MEXICO CITY (Reuters) - Cemex’s plan to refinance its debt was welcomed by investors but doubts remain about the new guarantors the Mexican cement maker will use to back the plan, and its goal of paying down $1 billion ahead of schedule.
Monterrey-based Cemex on Monday unveiled a refinancing plan that calls for a three-year maturity extension, an up-front fee, revised margins, and a bigger guarantor package.
Cemex’s unexpectedly early move - its hefty $7.25 billion debt pile falls due in 2014 - sent share prices up by over 7 percent in Mexico and New York on Monday.
Cemex (CMXCPO.MX) (CX.N), which was swamped by the 2008 U.S. housing meltdown shortly after paying out some $16 billion to buy Australian peer Rinker, has been working its way out of deep debt obligations for the past three years.
Bank of America Merrill Lynch said the company’s additional guarantors could include Mexican subsidiaries, and said it hoped the company would disclose the cash flows of each one.
In the past, Cemex has used its Mexican and Spanish operations as guarantors for debt issuances. But business in Spain has suffered due to Europe’s sovereign debt crisis.
The company has tightened its belt with cost cuts and non-core asset sales, mostly from its real-estate holdings. Last year, Cemex committed to unload $1 billion in assets but better-than-expected results allowed it to trim that target to $300 million.
Cemex’s plan to reassure its creditors also includes revised operational and financial covenants, which keep tabs on the company’s cash generation versus its funded debt, or the sum included in its 2009 refinancing deal. The firm said it was in good shape to meet 2012 covenants, which foresee the reduction of funded debt to 6.5 times earnings before interest, taxes, depreciation and amortization (EBITDA) in June, and an even lower ratio of 5.75 times by December.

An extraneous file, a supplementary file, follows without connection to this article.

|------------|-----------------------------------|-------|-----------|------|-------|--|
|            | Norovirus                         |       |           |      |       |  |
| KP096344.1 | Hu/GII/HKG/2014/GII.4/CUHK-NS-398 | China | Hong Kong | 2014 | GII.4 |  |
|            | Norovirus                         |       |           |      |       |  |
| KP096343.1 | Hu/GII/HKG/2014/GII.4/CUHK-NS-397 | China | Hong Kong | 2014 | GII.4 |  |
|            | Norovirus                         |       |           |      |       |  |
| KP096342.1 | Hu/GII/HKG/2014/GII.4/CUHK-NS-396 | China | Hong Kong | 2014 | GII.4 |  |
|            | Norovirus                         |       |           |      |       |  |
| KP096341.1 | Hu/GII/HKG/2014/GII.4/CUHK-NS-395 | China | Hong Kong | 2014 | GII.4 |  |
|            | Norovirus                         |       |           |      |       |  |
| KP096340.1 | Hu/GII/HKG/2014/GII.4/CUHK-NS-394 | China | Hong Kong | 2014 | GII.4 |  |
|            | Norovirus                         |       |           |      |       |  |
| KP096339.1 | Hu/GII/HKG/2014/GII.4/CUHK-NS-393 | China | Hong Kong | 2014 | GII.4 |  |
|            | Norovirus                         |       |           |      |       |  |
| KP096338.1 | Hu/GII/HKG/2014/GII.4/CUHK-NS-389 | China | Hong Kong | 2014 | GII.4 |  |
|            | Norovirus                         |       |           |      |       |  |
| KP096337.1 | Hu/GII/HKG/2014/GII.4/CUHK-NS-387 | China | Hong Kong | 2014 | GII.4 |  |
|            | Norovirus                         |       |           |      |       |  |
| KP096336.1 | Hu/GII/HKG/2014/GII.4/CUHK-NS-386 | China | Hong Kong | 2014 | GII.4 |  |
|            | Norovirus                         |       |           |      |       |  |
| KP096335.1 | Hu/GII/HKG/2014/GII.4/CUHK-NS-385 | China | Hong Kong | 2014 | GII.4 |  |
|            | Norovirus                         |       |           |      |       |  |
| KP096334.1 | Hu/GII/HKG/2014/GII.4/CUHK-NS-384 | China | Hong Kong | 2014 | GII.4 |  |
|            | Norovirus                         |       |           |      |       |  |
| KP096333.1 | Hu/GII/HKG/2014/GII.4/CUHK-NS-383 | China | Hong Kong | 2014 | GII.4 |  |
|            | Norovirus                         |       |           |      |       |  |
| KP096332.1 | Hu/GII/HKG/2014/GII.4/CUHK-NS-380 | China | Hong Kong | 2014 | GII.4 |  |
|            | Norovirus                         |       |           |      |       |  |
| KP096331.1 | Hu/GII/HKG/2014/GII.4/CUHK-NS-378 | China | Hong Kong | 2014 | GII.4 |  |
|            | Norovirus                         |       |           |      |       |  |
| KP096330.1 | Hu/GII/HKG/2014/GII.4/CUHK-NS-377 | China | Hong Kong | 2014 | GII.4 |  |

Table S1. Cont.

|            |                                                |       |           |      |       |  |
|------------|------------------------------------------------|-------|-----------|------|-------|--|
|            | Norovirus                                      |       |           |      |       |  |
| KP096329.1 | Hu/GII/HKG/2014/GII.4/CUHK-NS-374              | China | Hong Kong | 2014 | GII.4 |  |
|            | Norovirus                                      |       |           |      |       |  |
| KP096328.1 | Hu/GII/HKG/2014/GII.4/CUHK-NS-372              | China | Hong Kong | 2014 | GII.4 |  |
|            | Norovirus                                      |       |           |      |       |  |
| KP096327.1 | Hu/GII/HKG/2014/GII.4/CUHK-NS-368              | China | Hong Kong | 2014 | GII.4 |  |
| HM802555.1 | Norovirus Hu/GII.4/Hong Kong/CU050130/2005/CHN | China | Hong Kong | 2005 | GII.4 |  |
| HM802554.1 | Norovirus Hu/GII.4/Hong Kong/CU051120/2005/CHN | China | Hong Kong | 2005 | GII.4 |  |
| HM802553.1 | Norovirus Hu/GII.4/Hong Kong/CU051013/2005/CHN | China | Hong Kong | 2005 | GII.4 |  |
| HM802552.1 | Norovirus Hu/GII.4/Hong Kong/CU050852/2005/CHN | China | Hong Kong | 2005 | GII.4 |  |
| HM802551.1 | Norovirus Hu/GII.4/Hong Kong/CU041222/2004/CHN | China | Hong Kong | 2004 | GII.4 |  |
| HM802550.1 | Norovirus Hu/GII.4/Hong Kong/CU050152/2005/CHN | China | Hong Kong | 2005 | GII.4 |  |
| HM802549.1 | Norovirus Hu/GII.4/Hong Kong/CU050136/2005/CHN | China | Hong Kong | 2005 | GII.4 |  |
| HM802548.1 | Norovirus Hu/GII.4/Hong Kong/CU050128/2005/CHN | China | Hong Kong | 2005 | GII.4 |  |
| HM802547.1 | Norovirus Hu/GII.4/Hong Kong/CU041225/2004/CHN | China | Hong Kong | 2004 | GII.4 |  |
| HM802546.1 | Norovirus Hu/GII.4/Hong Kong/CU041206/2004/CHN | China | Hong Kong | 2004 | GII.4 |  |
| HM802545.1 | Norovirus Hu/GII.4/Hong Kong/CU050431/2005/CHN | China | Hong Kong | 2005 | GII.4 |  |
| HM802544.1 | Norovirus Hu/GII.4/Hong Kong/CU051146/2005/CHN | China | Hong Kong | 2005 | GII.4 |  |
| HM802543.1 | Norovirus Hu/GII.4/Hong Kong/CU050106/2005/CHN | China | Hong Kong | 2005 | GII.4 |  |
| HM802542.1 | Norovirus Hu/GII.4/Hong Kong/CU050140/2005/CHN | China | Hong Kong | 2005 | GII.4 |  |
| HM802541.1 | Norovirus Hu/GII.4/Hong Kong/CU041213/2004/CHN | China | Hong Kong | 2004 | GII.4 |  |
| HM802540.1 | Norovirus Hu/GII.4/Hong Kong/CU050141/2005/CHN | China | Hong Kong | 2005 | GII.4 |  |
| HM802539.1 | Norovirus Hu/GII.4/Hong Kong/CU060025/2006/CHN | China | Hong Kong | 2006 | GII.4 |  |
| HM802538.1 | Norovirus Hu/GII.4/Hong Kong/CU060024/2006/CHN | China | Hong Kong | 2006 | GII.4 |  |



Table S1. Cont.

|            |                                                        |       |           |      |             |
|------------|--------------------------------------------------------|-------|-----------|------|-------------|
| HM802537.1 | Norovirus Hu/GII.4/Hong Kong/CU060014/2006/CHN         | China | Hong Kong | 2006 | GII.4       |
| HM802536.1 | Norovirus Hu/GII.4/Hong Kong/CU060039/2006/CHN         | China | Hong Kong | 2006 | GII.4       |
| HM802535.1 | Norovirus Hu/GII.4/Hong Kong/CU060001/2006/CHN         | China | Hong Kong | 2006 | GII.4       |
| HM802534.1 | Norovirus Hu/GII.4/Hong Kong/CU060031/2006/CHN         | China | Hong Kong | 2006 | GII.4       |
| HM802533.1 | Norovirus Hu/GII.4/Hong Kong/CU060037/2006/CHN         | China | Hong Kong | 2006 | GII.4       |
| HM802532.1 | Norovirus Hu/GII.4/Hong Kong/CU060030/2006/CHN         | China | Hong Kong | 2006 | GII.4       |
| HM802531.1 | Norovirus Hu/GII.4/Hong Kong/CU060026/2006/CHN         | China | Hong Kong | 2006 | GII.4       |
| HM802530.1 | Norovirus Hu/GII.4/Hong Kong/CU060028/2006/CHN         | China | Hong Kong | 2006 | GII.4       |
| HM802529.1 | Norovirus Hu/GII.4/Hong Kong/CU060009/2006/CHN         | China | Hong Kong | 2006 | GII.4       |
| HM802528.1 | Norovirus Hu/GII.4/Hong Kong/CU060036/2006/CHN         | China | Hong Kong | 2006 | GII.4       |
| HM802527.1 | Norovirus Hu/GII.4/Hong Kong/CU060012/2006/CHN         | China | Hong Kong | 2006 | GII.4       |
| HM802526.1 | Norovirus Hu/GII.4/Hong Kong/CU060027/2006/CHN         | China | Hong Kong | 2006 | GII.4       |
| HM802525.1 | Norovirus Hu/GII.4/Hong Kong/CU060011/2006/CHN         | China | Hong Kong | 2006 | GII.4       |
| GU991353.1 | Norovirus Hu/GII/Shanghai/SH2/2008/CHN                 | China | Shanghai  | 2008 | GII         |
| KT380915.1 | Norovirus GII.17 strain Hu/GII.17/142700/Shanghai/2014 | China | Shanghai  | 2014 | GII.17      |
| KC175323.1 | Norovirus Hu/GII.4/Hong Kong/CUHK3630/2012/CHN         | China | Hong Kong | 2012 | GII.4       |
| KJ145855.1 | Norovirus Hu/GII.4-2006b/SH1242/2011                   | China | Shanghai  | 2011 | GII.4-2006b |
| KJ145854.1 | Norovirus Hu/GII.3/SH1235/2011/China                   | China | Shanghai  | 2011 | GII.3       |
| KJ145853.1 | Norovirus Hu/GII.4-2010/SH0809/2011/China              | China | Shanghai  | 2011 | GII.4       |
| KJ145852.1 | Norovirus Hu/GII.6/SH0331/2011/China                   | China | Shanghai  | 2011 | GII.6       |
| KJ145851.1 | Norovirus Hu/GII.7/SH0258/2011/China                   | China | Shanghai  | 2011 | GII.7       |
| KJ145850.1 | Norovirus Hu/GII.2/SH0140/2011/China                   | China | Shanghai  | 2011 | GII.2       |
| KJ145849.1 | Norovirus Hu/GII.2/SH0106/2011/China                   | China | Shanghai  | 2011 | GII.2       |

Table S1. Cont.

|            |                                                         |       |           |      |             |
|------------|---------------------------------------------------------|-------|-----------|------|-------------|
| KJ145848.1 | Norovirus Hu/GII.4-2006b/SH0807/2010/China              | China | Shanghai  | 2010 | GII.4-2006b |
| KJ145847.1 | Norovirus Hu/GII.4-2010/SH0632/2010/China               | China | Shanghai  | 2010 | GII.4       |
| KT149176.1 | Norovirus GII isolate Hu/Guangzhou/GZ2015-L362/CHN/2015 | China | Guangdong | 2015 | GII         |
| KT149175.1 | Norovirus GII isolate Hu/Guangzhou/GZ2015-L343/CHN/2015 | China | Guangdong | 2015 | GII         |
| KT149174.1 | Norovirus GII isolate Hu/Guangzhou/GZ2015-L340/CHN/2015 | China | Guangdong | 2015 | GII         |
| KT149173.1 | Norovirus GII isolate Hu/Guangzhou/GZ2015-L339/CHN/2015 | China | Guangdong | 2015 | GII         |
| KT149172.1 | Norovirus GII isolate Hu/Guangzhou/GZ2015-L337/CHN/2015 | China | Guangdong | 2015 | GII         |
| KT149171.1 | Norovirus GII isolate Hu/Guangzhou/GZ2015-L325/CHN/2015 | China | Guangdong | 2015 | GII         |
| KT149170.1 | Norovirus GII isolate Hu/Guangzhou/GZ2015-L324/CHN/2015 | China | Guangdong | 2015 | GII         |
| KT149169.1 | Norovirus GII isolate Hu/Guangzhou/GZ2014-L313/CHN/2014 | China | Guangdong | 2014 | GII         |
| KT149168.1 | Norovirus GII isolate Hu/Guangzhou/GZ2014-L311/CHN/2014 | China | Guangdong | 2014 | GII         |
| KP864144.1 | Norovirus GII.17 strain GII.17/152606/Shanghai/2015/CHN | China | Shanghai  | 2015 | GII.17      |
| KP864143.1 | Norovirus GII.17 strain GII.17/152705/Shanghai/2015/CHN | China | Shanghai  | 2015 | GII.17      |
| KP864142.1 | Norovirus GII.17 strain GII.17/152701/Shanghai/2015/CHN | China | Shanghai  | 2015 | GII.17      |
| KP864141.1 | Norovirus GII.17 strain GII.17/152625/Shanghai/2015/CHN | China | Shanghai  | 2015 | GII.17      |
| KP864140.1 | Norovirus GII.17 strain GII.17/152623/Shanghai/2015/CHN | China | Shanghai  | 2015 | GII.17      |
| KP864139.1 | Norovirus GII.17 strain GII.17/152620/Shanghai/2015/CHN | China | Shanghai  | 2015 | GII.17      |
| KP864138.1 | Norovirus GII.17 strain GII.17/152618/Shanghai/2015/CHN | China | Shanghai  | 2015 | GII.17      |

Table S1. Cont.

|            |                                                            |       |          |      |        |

But steep fluctuations in the dollar and euro exchange rate could have been one of the key reasons for Cemex to move ahead with the refinancing plan, analysts said.
“We expect the covenants’ (ratio) to increase so that they have a wider margin. Given the recent foreign exchange swings, they may not meet the June covenant,” said analyst Gonzalo Fernandez with Santander.
Cemex operates in more than 50 countries around the globe and generates around 60 percent of its sales outside of Mexico and the United States.
The planned $1 billion pay-down is making some analysts ponder again about the possibility of Cemex floating a portion of its business to get the cash.
“We believe the company may be evaluating the listing of a smaller entity, like Cemex South America & Caribbean (SCAC), which is mainly driven by Colombia and Panama,” said analyst Vanessa Quiroga with Credit Suisse.
“In terms of the transaction, we envision the sale of 49 percent of Cemex SCAC to the market, while Cemex would become the holding company and retain control with 51 percent stake, assuming a one share, one vote structure,” she added.
The idea has surfaced before. Last year, some analysts said Cemex could list Colombia, one of its best performing operations in Latin America, but the company rejected the notion.
Another option to pony up the money would be issuing convertibles or equity, a move that could face resistance from current shareholders because of its diluting effects.
The plan also raises the question of whether Cemex would have to pay a penalty for making an early payment.
But all told, the plans outlined by Cemex have lifted the mood of market watchers, many of which are confident the company will strike a deal with creditors.
“The fact they have already had preliminary talks with half the debt holders should in our view help the successful conclusion of the refinancing,” said Banorte-Ixe in a report.
The company will meet the full syndicate of lenders on Friday and Monday to discuss its initiative.
Cemex’s shares rose 0.6 percent on Tuesday in Mexico while its U.S.-traded stock (CX.N) gained 1.5 percent.
Reporting By Cyntia Barrera Diaz and Gabriela Lopez; Editing by Tim Dobbyn